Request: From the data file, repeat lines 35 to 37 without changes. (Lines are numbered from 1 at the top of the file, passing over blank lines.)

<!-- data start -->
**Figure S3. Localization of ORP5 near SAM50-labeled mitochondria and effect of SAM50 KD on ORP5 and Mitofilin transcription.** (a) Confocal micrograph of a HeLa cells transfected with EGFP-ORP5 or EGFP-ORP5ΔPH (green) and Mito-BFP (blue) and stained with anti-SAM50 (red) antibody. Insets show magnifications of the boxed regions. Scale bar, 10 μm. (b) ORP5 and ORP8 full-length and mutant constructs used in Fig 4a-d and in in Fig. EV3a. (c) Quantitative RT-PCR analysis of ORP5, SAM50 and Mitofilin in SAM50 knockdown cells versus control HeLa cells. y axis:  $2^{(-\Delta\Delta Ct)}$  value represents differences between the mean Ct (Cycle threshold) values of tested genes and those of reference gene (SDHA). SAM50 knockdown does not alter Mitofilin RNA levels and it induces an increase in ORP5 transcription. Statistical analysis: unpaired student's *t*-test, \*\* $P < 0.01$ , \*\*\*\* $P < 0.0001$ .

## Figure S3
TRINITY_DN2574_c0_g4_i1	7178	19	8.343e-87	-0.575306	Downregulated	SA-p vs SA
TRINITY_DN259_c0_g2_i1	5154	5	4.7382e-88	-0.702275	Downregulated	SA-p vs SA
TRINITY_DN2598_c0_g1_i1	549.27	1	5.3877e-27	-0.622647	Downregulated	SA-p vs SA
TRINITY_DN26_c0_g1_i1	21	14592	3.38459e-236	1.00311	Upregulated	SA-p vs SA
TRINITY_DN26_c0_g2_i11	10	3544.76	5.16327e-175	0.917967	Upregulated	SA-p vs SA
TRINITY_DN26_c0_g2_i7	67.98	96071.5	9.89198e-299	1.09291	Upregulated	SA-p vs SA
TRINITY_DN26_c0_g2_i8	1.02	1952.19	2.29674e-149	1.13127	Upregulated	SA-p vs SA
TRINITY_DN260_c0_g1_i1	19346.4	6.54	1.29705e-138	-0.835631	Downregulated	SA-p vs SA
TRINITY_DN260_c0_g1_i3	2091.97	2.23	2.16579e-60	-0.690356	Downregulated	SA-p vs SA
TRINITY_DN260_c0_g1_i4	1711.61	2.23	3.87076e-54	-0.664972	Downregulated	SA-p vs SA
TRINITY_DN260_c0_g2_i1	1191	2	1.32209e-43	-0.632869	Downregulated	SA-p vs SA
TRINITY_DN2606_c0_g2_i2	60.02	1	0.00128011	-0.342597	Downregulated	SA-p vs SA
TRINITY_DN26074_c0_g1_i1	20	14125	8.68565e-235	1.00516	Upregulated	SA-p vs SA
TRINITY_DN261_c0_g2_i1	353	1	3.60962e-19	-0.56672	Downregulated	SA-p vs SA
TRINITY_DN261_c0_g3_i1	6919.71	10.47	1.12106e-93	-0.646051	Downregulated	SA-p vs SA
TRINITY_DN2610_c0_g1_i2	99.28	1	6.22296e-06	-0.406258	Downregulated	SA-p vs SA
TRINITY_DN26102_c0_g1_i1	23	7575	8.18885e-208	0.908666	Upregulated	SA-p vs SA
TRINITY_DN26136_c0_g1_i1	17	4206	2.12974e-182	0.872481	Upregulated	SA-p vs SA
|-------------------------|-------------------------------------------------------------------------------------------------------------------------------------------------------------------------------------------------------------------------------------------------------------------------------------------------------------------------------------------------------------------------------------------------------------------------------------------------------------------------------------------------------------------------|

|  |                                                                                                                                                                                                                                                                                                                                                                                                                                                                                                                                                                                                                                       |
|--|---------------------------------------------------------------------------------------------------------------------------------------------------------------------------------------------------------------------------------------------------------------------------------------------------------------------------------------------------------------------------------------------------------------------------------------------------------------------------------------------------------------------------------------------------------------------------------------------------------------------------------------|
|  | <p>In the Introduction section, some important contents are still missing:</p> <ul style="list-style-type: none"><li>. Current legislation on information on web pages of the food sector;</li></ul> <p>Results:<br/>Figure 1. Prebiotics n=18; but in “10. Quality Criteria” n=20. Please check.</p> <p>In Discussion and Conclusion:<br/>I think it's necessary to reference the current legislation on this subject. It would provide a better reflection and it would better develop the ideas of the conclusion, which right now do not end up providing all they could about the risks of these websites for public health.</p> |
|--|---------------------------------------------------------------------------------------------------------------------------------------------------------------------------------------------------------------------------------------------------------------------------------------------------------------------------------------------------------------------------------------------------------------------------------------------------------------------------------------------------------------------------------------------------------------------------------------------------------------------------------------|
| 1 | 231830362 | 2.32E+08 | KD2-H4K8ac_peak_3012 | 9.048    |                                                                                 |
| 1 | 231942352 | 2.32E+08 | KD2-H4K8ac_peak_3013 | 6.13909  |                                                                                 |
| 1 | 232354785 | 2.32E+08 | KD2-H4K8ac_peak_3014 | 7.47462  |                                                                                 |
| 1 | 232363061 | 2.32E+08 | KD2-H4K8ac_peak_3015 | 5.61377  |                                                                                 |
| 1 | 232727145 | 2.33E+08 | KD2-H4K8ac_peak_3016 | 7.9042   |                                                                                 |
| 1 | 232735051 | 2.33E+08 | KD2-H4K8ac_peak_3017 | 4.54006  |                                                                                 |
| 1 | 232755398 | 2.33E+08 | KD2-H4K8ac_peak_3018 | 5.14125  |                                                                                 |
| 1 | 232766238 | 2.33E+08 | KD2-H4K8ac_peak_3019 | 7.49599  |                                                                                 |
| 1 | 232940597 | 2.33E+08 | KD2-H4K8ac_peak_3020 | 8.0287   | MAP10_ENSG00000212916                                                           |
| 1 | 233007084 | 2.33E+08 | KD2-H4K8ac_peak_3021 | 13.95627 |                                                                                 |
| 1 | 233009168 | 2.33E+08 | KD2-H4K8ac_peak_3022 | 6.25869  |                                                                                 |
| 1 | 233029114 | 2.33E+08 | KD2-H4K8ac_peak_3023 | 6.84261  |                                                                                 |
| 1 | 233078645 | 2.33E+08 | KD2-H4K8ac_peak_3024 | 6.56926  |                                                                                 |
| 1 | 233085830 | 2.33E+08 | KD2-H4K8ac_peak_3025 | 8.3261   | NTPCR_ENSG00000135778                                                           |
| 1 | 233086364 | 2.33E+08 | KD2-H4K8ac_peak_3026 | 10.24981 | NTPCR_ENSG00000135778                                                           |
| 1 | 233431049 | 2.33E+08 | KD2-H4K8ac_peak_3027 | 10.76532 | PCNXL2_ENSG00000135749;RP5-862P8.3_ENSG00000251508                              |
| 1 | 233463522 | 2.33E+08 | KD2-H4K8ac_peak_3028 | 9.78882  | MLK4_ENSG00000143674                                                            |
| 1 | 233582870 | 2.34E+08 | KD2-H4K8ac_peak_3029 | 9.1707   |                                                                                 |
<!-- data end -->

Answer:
| 1 | 233007084 | 2.33E+08 | KD2-H4K8ac_peak_3021 | 13.95627 |                                                                                 |
| 1 | 233009168 | 2.33E+08 | KD2-H4K8ac_peak_3022 | 6.25869  |                                                                                 |
| 1 | 233029114 | 2.33E+08 | KD2-H4K8ac_peak_3023 | 6.84261  |                                                                                 |